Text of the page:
Wadsworth Chapel

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Catholic-Protestant Chapels, Dept. of Veterans Affairs Center
Catholic-Protestant Chapels, Veterans Administration Center.JPG
Wadsworth Chapel, May 2008
Wadsworth Chapel is located in California
Wadsworth Chapel
Location Los Angeles, California
Coordinates 34°3′18″N 118°27′19″W / 34.05500°N 118.45528°W / 34.05500; -118.45528Coordinates: 34°3′18″N 118°27′19″W / 34.05500°N 118.45528°W / 34.05500; -118.45528
Built 1900
Architect Burton, J. Lee
Architectural style Carpenter Gothic, Romanesque Revival, Shingle-style Queen Anne
Governing body VETERANS ADMINISTRATION
NRHP Reference #

72000229

[1]
Added to NRHP February 11, 1972

Wadsworth Chapel, also known as the Catholic-Protestant Chapels, is actually two separate chapels under one roof on the campus of the Dept. of Veterans Affairs Medical Center in West Los Angeles, California. The structure was built in 1900 and was closed in 1971 after being damaged in the 1971 Sylmar earthquake. It is the oldest building on Wilshire Boulevard and was listed in the National Register of Historic Places in 1972. The structure has fallen into a state of disrepair due to the lack of funds within the Dept. of Veterans Affairs to pay for the required repairs and renovation.

Early history[edit]

The 388-acre (1.57 km2) Dept. of Veterans Affairs Medical Center in West Los Angeles was deeded to the federal government in 1888 to build the Pacific Branch of the National Home for Disabled Volunteer Soldiers.[2] A series of Victorian dormitories were built in the 1890s, and Wadsworth Chapel was built in 1900 to provide a place of worship for the residents of the old soldiers’ home.[3]

Architecture[edit]

Front view in 2008 showing fallen railing and deteriorating paint

The building actually contains two separate chapels separated by a double brick wall, with a Catholic chapel at the north end and a Protestant chapel at the south end. Each chapel has a separate entrance, with a tower and belfry. Designed by J. Lee Burton, Wadsworth Chapel had been called an "intricate little jewel box" by Christopher Alexander, the associate curator of architecture for the Getty Research Institute.[3]

The building is noted for its eclectic exterior ornamentation and its combination of Colonial Revival (sometimes classified as Romanesque Revival) and Carpenter Gothic Victorian architecture.[4] The Los Angeles Cultural Heritage Board has described the Wadsworth Chapel and other original buildings on the Veterans campus as "the most monumental complex of Shingle-style Queen Anne structures ever constructed in the Los Angeles area."[5] The 7,500-square-foot (700 m2) building was built at a cost of $12,400 in 1900 with redwood siding and 21 different types of windows.[3]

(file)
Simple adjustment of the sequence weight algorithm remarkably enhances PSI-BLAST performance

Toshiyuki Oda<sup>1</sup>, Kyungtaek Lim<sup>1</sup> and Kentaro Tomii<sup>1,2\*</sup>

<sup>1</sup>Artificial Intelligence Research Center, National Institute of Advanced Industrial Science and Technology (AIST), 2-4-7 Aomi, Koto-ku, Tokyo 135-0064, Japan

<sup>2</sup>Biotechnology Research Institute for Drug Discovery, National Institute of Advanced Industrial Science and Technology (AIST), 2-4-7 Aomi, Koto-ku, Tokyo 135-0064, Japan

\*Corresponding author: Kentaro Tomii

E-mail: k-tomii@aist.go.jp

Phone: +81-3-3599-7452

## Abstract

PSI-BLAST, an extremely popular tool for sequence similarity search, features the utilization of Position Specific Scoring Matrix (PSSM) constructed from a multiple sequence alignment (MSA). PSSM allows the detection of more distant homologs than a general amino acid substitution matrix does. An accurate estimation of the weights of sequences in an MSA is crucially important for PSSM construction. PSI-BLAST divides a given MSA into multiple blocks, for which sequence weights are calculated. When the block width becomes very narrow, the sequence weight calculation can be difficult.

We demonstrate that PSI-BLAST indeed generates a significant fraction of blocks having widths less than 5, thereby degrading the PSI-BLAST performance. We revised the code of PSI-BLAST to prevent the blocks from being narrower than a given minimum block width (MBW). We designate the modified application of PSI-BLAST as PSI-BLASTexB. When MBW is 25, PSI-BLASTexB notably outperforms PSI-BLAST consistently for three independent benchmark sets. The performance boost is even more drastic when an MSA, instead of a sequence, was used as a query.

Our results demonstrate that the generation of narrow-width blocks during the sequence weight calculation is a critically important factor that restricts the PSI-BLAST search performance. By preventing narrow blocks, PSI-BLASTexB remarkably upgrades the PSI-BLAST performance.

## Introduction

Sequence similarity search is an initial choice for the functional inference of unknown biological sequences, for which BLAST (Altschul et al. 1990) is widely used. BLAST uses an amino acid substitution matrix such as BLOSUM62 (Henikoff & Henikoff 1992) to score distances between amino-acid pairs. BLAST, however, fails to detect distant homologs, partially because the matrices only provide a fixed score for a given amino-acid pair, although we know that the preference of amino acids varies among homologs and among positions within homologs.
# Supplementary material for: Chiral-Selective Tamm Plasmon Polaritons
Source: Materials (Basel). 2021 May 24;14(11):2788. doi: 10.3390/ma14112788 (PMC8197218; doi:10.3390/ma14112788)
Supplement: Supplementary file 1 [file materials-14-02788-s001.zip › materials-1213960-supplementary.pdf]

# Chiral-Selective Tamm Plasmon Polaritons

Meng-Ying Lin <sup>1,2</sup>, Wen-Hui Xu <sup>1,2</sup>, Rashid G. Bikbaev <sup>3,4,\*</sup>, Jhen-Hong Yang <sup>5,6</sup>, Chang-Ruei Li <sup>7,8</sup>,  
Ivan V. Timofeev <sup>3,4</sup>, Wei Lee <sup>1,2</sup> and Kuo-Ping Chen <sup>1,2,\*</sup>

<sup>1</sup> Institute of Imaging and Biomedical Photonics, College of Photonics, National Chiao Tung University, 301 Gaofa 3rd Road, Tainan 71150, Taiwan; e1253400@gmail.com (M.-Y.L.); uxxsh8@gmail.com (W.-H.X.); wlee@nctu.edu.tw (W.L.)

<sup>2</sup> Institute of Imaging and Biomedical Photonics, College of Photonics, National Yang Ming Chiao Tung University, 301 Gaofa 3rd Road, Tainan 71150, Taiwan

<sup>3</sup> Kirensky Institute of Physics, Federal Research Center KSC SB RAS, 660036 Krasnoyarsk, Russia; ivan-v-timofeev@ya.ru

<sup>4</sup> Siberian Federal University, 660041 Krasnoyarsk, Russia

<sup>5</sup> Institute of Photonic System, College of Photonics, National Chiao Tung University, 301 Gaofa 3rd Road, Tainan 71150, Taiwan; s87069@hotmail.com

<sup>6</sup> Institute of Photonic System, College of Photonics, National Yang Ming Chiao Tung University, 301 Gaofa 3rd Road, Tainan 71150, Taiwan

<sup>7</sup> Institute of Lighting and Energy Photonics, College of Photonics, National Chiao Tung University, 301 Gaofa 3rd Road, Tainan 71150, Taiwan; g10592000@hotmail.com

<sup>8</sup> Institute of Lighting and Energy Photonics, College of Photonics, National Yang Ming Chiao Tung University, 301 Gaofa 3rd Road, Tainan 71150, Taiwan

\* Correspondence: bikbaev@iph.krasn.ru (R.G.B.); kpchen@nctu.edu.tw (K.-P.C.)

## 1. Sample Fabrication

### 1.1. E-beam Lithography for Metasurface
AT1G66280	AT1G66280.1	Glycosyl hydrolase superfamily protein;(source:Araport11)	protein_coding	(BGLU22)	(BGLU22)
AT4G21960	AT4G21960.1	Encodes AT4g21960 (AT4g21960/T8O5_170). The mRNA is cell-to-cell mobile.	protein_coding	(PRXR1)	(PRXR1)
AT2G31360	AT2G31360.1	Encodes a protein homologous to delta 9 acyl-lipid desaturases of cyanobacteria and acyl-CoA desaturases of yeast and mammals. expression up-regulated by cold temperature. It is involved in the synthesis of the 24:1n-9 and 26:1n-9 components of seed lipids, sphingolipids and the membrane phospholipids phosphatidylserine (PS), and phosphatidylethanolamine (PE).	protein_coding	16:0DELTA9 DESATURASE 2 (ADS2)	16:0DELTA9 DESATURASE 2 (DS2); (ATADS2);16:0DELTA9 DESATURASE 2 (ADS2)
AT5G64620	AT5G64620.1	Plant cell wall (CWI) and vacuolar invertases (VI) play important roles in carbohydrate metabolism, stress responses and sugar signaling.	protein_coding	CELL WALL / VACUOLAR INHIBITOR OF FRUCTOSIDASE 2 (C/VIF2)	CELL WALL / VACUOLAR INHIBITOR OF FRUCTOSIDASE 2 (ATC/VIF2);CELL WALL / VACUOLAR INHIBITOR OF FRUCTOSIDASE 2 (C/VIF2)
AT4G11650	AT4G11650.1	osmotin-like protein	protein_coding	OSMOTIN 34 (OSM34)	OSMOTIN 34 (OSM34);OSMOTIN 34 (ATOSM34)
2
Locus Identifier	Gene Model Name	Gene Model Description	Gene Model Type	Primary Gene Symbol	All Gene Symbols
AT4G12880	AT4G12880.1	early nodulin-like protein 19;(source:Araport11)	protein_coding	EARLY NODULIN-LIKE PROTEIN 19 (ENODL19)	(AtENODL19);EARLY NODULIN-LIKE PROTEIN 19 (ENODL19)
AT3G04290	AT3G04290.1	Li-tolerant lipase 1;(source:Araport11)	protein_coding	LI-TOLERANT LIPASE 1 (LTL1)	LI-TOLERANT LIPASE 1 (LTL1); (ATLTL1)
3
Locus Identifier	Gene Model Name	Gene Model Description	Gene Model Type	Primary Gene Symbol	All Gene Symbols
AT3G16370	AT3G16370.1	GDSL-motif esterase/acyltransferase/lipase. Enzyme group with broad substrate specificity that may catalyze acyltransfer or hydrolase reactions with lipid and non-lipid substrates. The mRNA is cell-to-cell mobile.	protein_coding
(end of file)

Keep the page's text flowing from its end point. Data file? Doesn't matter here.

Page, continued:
Though the exterior has been painted all white since 1941, the exterior was originally stained in dark earth tones, with white trim, as shown in old postcards of the chapel. The Protestant chapel was damaged by fire in 1955. The VA lacked funds to repair all of the fire damage, and the balcony of the Protestant chapel has been closed since that time.

Deterioration and renovation proposals[edit]

Closeup of deterioration at Wadsworth Chapel, 2008
North side, Catholic Chapel, 2008

Both chapels have been closed to the public since the 1971 Sylmar earthquake loosened the foundation and caused the northeast bell tower to pull away from a gable. Since 1971, the building has fallen into an ever worsening state of disrepair, as the VA has been unable to fund necessary repair and restoration work. Despite its neglect for more than 35 years, preservation experts note that the building, the oldest remaining building on Wilshire Boulevard, is a prime candidate for “architectural resurrection.” The VA has estimated the cost of renovation to be $11.5 million, with the required work including replacement of the masonry foundation, seismic retrofit and asbestos and lead paint removal.[3]

The expenditure of large sums to renovate the chapel has become a subject of controversy within the veteran community. With the VA lacking funds to provide necessary services to veterans of the Iraq War, many object to spending nearly $12 million to renovate a chapel that has been mothballed since 1972. In a 2007 Los Angeles Times article, one veteran reflected ambivalence about the proposed renovation: “That is such a beautiful piece of workmanship and, yes, it cries out to be repaired..... At the same time, the veterans cry out to be repaired. It’s a moral issue.”[3] Efforts by the Veterans Park Conservancy to raise private funds to pay for the renovation had been unsuccessful as of 2007. The Times noted: “The oldest building on Wilshire Boulevard is a fixerupper duplex of a most unusual sort.”[3]

See also[edit]

References[edit]

  1. ^ "National Register Information System". National Register of Historic Places. National Park Service. 2008-04-15. 
  2. ^ Martha Groves (2005-09-10). "VA to Reveal Plans for Its Wilshire Land; Westside residents fear the federal agency will allow high-rises on the boulevard's last big parcel of open space, despite past assurances". Los Angeles Times. Retrieved 2008-08-27. 
  3. ^ a b c d e f Martha Groves (2007-04-08). "Looking for a saving grace; Landmark Wadsworth Chapel in West L.A. is falling apart, but there's little money to fix it". Los Angeles Times. Retrieved 2008-08-27. 
  4. ^ David Gebhard and Robert Winter (1994). Los Angeles: An Architectural Guidebook, p. 95. Gibbs Smith. ISBN 0-87905-627-4. 
  5. ^ Mal Terrence (1965-09-05). "The Battle to Save the Past: Landmarks in Danger". Los Angeles Times. 

External links[edit]